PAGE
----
The Ohio Supreme Court has ordered Marc Dann, who resigned as the state’s attorney general in 2008 amid a sexual harassment scandal, to give up his law license for six months.
The court’s decision was a blow to Dann’s attempt to rebuild his reputation through pro bono work with clients facing foreclosure and means he can’t earn a living as an attorney during the term of the suspension.
The punishment marked a small victory for Dann: The six-month suspension was half the one-year term that was at one time recommended. The court gave Dann credit for fulfilling his community service obligations, paying his fines and submitting a pile of letters from judges attesting to his character.
Still, justices said Dann’s position set him apart from other lawyers, his conduct displayed poor judgment and his reasons for the conduct were ultimately unsatisfactory.
“Poor judgment is not an aggravating factor,” they wrote. “However, whether or not his explanations were sensible or credible, they are not an excuse. The panel cannot help but wonder at the harm to the reputation of the legal profession and to the confidence of the public in the office of attorney general when the chief law officer in the state has committed ethical errors and tries to explain them away as Respondent has.”
The ruling was the final step in an ordeal dating to Dann’s turbulent 17 months in office beginning in 2007 and was anticipated because of the precedent it involved. The last statewide officeholder to face a sanction from the state Supreme Court, former Gov. Bob Taft, received only a public reprimand.
Dann did not immediately respond to an email seeking comment on Tuesday’s sanction.
His law partner, Mark Harshman, issued a statement saying he was saddened by the decision but respected it. The firm will remove Dann’s name from its masthead during his suspension.
Harshman said the firm has been open with its clients about the possible suspension and is confident they will continue with the firm.
“We are proud of the work that we do to protect the rights of the hard working people that we count among our clients and will continue to wage the battle against foreclosure,” he said.
The 50-year-old Democrat was a surprise winner in the 2006 race for attorney general, defeating popular Republican Betty Montgomery, then state auditor and a former two-term attorney general. Dann has acknowledged he didn’t expect to win and was overwhelmed by the duties of the office.
That didn’t keep him from making a big splash initially. In his first 11 months, he took on the nation’s largest insurance brokerage, the mortgage lending industry, student loan providers, the big three credit rating agencies and MySpace.
But he also had missteps. He got caught in a traffic jam and arrived late to his first big news conference. He used state money to purchase an expensive Chevy Suburban SUV from a campaign donor for traversing the state. A TV camera caught him cursing a reporter over a negative story outside a fundraiser for then-presidential hopeful Barack Obama.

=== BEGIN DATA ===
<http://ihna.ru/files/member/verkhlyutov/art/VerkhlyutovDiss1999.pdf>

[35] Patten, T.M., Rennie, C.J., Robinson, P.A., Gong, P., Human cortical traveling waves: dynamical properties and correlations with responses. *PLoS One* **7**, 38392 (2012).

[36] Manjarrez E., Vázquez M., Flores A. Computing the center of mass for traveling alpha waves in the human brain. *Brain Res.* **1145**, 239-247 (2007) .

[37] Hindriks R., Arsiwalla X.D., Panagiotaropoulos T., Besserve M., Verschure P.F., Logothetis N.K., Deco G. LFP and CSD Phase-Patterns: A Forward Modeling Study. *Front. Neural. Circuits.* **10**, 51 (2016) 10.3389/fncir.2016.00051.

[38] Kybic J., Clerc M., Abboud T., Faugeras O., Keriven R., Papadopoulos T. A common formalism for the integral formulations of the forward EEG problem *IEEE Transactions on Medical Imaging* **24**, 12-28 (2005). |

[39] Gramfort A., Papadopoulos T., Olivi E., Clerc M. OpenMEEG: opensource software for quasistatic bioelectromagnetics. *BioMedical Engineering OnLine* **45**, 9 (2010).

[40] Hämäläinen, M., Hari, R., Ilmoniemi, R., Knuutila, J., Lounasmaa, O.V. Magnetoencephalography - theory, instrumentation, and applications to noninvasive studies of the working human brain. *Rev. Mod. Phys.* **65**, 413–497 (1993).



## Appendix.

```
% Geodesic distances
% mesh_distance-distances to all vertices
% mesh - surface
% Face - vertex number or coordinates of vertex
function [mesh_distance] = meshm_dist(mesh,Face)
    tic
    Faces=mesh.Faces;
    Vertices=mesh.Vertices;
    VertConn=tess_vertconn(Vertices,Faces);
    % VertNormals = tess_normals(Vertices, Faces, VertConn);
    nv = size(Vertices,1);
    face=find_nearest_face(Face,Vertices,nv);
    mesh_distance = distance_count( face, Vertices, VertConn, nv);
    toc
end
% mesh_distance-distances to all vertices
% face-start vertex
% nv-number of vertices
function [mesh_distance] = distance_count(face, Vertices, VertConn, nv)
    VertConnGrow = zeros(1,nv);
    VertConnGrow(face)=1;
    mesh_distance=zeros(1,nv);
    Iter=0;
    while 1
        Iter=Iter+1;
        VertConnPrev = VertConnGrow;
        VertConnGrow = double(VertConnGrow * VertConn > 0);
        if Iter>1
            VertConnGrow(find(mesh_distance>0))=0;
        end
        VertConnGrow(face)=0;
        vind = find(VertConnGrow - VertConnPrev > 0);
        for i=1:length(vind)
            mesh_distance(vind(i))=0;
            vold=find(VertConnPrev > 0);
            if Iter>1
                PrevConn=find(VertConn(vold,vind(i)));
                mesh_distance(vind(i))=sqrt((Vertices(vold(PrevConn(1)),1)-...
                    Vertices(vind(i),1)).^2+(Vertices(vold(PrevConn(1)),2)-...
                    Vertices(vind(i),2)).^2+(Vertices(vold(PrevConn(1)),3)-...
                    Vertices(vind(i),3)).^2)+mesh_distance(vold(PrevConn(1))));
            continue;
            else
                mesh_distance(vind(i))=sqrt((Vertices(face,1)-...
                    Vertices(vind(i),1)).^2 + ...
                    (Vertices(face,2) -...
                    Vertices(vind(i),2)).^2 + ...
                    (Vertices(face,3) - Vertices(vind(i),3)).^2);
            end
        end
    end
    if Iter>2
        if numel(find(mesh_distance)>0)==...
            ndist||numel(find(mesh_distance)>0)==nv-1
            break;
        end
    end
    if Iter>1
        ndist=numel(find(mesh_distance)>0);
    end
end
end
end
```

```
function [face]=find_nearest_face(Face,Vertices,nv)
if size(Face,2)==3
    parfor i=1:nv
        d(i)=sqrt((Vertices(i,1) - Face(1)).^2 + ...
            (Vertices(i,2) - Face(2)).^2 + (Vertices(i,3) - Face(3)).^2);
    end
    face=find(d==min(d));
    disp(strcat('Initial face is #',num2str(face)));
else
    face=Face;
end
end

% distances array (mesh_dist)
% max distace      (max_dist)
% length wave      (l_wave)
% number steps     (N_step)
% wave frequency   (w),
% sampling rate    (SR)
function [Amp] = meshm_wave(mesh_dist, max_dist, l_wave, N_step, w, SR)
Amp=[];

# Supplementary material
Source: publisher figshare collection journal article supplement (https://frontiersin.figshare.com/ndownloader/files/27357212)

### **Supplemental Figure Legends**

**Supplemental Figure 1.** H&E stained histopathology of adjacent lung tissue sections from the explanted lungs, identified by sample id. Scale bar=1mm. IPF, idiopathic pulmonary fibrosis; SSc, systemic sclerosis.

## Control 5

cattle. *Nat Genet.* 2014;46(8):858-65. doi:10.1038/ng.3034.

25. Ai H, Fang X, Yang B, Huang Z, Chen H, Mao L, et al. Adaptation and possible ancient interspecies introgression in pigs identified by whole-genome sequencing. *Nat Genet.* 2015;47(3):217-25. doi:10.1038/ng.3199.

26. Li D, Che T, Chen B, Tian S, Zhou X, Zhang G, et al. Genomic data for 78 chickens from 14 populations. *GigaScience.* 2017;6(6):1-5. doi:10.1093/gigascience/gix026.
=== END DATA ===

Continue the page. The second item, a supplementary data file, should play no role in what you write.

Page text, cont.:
He also issued BlackBerry devices to nearly a third of his staff, costing the state almost $30,000 per month.
In 2007, Dann’s email quip to his press spokesman that “Jesus had it better on good friday” than the man did on a particularly bad news day had the Ohio Christian Alliance and the state GOP accusing Dann, who is Jewish, of religious bigotry.
Dann resigned in May 2008 following his admission he had an affair with an employee.
In 2010, he pleaded guilty in Franklin County Municipal Court to using campaign funds he allegedly gave to two employees to pay rent and utilities for a house they shared near downtown Columbus and a condominium they later moved into in the northwest suburbs. The charge also involved a $5,000 gift or loan Dann made from his elected office’s transition account to one of those aides.
A second charge alleged that Dann knowingly filed a false financial disclosure form.
A lawyer for the Supreme Court’s disciplinary counsel, a type of prosecutor of legal misdeeds, cited Dann’s failure to take full responsibility for his actions in pushing for a suspension.
“Never before has the chief legal officer of the state of Ohio been subject to discipline,” Joseph Caligiuri, senior assistant disciplinary counsel, wrote in a February filing with the Supreme Court. “As Ohio’s attorney general, respondent was responsible for protecting the public; consequently, it is imperative that the citizens of Ohio have the utmost confidence in the integrity of its chief legal officer.”
An attorney for Dann had argued to the court that other factors should be considered.
“These factors include the importance of other sanctions and penalties, his cooperation in the disciplinary process, his acceptance of responsibility and expression of remorse, and the evidence of good character and his pro bono work since his resignation,” Dann’s attorney, Alvin Mathews, told the court in a January filing.